Reproduced with permission of the copyright owner. Further reproduction prohibited without permission.
Jang, Dr. Clive A. R andall, Shoko Yoshikawa, Dr. M ing-Jen P an, M urali Lakshm an. B eth A.M. Jones, M ark McNeal and the technical staff. I also had several
pleasant visits to the M aterials Research L aboratory at IT R I, Chu-Tong, Taiwan
and the help from Dr. VVang and Mr. Shen is highly appreciated. I have had a
great tim e at Georgia Tech w ith the friendship and assistance from quite a few
people: Drs. J. Lee. T .J. Hwang, Y.Y. Su, S.K. Sundaram , H.H. Shin. C.K. Lee.
G. Agarwal. G. Villalobo. as well as Y. B erta, J. W itt, K. Meyers, R. Morano. J.
Lee. D. Lee. J. Cagle. Y.D. Kuan. Y.M. Hsu, staff members, and friends in other
labs and schools.
I would like to express m y sincere and grateful thanks to my parents, sisters,
brother and the rest of my family in Taiwan, who have su p p o rted and encouraged
me throughout my life. W ith o u t them , I would not have been here. The patience,
encouragem ent, and lab o rato ry assistance from my dearest wife - Su-ming Hung
has been the most im portant and valuable support during my years of graduate
studies. To her and my fam ily w ith love and gratitude.
iv
Reproduced with permission of the copyright owner. Further reproduction prohibited without permission.
Contents
A ck n ow led gem en ts
iii
List o f Tables
viii
List o f Figures
xi
S u m m ary
xii
C h ap ter
1 In tro d u ctio n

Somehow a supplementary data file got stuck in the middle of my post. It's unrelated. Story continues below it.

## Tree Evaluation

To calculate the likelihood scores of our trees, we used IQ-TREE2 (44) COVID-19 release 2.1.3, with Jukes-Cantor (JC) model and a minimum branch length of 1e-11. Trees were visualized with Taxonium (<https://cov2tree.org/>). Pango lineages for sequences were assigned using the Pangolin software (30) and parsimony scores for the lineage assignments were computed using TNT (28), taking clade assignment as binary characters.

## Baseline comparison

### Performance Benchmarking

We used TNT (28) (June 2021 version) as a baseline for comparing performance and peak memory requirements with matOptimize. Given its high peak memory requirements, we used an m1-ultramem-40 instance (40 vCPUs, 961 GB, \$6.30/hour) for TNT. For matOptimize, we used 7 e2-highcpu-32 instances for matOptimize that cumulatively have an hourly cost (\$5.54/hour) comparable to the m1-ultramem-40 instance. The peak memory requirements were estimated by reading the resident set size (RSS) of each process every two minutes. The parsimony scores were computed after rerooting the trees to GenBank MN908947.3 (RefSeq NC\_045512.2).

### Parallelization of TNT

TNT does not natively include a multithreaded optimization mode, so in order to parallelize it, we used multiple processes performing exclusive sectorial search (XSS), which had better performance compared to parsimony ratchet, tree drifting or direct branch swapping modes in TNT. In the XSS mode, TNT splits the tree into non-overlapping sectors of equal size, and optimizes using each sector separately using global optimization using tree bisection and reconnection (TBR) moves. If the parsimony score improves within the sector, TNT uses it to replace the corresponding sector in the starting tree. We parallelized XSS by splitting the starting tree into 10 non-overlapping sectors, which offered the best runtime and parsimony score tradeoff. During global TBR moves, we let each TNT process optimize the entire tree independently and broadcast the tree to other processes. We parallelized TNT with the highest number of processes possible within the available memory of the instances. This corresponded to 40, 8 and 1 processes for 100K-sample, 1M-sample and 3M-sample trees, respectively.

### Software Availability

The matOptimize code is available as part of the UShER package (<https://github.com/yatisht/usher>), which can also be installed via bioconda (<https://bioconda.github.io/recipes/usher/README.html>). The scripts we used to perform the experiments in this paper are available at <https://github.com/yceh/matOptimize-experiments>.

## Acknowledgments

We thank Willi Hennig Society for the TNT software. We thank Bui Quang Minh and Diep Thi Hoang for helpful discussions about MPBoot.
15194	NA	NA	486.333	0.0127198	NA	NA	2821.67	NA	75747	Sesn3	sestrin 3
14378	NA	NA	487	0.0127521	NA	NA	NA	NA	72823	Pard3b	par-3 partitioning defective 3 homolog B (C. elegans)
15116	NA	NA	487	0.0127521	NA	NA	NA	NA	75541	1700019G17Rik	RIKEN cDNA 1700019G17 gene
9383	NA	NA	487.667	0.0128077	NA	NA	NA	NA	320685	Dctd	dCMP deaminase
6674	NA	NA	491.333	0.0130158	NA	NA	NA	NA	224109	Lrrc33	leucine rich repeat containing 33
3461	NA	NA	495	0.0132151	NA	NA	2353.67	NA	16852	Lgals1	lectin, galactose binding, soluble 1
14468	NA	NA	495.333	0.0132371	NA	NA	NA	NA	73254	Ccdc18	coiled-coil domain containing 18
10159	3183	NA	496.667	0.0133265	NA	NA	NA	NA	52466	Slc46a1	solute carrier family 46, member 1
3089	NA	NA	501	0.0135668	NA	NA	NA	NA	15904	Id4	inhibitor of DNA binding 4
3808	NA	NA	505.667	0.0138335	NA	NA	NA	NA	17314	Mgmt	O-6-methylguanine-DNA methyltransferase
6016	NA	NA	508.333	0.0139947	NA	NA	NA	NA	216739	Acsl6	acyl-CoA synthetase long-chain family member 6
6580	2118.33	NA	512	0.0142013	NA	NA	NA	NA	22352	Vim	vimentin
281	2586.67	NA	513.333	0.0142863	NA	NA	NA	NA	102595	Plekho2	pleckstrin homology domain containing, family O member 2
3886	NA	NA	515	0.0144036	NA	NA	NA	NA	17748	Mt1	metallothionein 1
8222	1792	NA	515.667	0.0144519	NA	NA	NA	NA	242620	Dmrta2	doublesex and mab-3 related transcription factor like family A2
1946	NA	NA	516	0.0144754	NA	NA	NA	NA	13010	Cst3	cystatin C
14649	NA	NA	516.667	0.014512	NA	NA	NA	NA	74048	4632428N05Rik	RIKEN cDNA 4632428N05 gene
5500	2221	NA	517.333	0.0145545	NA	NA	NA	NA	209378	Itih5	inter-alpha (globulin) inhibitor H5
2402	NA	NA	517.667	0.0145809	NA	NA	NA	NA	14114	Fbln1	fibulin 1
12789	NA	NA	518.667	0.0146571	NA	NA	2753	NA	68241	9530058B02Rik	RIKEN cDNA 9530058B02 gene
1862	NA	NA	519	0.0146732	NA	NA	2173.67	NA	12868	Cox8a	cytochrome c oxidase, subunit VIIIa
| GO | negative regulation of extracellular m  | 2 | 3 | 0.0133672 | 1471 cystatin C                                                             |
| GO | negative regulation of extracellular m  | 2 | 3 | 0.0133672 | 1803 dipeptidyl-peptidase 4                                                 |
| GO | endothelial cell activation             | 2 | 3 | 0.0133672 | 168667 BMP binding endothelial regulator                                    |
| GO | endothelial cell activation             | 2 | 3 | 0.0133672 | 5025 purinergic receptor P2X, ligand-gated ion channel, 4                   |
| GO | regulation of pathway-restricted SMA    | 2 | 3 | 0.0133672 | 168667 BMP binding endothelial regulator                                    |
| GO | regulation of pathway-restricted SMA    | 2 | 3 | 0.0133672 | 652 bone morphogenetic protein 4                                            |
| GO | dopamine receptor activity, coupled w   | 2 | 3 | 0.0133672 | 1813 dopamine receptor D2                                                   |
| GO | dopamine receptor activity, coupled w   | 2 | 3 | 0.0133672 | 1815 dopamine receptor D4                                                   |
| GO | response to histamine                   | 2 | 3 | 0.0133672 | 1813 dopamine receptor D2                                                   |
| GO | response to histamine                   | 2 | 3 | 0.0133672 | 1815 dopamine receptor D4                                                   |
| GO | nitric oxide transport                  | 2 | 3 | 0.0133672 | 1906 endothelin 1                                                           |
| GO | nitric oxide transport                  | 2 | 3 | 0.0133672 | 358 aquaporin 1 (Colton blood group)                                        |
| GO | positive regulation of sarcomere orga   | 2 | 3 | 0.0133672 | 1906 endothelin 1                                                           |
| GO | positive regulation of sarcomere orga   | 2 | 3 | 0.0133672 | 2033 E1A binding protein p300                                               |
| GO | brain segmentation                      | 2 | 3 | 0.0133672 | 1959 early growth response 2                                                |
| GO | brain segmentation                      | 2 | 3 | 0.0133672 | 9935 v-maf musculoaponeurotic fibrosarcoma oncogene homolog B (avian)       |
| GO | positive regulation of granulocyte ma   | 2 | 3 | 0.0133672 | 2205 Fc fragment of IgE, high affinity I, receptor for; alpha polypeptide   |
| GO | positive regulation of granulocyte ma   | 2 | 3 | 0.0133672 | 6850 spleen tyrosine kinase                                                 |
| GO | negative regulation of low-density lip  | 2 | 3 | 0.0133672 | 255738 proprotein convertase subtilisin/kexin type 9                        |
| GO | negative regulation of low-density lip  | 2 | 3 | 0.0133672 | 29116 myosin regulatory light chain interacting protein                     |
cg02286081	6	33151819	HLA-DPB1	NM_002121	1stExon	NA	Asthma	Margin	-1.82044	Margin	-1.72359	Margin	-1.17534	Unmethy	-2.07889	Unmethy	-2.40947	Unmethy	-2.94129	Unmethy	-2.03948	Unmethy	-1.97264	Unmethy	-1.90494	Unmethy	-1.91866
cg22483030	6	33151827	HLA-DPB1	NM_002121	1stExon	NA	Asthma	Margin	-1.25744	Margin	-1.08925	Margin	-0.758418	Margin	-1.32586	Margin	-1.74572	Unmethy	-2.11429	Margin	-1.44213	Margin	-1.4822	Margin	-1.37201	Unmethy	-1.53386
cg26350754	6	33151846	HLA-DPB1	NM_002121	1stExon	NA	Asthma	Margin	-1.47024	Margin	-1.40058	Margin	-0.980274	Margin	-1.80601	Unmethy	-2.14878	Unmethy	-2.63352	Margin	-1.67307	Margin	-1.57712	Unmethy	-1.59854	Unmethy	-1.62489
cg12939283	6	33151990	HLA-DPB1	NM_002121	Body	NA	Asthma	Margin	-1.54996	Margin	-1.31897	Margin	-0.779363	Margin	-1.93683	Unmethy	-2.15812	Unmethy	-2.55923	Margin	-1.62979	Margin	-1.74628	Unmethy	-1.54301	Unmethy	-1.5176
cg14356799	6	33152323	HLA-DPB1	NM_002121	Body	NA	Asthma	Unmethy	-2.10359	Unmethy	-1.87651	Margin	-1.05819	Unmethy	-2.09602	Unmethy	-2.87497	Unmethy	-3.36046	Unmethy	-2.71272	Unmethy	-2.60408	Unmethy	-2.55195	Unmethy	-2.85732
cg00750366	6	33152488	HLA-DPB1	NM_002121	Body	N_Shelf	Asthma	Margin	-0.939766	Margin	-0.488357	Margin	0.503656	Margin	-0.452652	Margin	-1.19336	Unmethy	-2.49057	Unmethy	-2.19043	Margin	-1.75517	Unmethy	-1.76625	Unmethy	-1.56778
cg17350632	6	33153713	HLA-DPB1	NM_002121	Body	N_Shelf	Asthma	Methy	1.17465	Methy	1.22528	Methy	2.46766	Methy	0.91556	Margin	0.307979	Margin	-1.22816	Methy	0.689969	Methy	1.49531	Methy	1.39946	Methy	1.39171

1.1
1
Review of Pertinent L ite r a tu r e ................................................................
2
1.1.1
Physics of Microwave Dielectric P r o p e r ti e s ............................
2
1.1.2
Macroscopic Microwave P roperties
.........................................
12
1.1.3
Microwave Properties, Chem istry, and M a te ria ls ..................
18
1.1.4
Conventional and Shrinkage R ate Controlled Sintering
23
. .
V
Reproduced with permission of the copyright owner. Further reproduction prohibited without permission.
2 E xp erim en tal P rocedure
2.1
28
Processing of Barium P o ly t it a n a te s ......................................................
2.1.1
28
B aTi409 and Zr4+- an d Sn4+-D oped B a2T i90 2o Microwave
R eso n a to rs........................................................................................
28
2.1.2
Shrinkage R ate C ontrolled S in te rin g .........................................
29
2.1.3
Therm al Processing of B aT i40 9 and Undoped and Sn4+Doped Ba2Tig02o ...........................................................................
2.1.4
Rapid Therm al Processing of Undoped Monophase BaoTigOoo 31
2.2
M icrostructure O bservation and Image A n a ly s is ...............................
32
2.3
Phase and Therm al A n a ly se s....................................................................
33
2.4
Dielectric Property M e a s u r e m e n t..........................................................
34
3 R esu lts and D iscu ssion
3.1
36
Dielectric Properties of B aT i4Og and Zr4+- and Sn4+-Doped BaoTigOoo
Microwave R e s o n a t o r s ..............................................................................
3.2
3.3
51
Therm al Processing of B aT i40 9 and Undoped and Sn4+-D oped
Ba2Ti90 2 o ......................................................................................................
3.4
36
Microwave Dielectric P roperties of M icrostructure-Controlled B a2T i902 o
R eso n a to rs......................................................................................................
64
Fabrication of Undoped Single-Phase Ba2T i90 2o via R apid T h e r­
mal P r o c e s s in g ............................................................................................
4
30
C onclusions and R ecom m end ation s
vi
Reproduced with permission of the copyright owner. Further reproduction prohibited without permission.
74
83
B ib liograp h y
85
V ita
90
vii
Reproduced with permission of the copyright owner. Further reproduction prohibited without permission.
List o f Tables
3.1 D ensity and Microwave Properties of B arium P o ly titan ates . . . .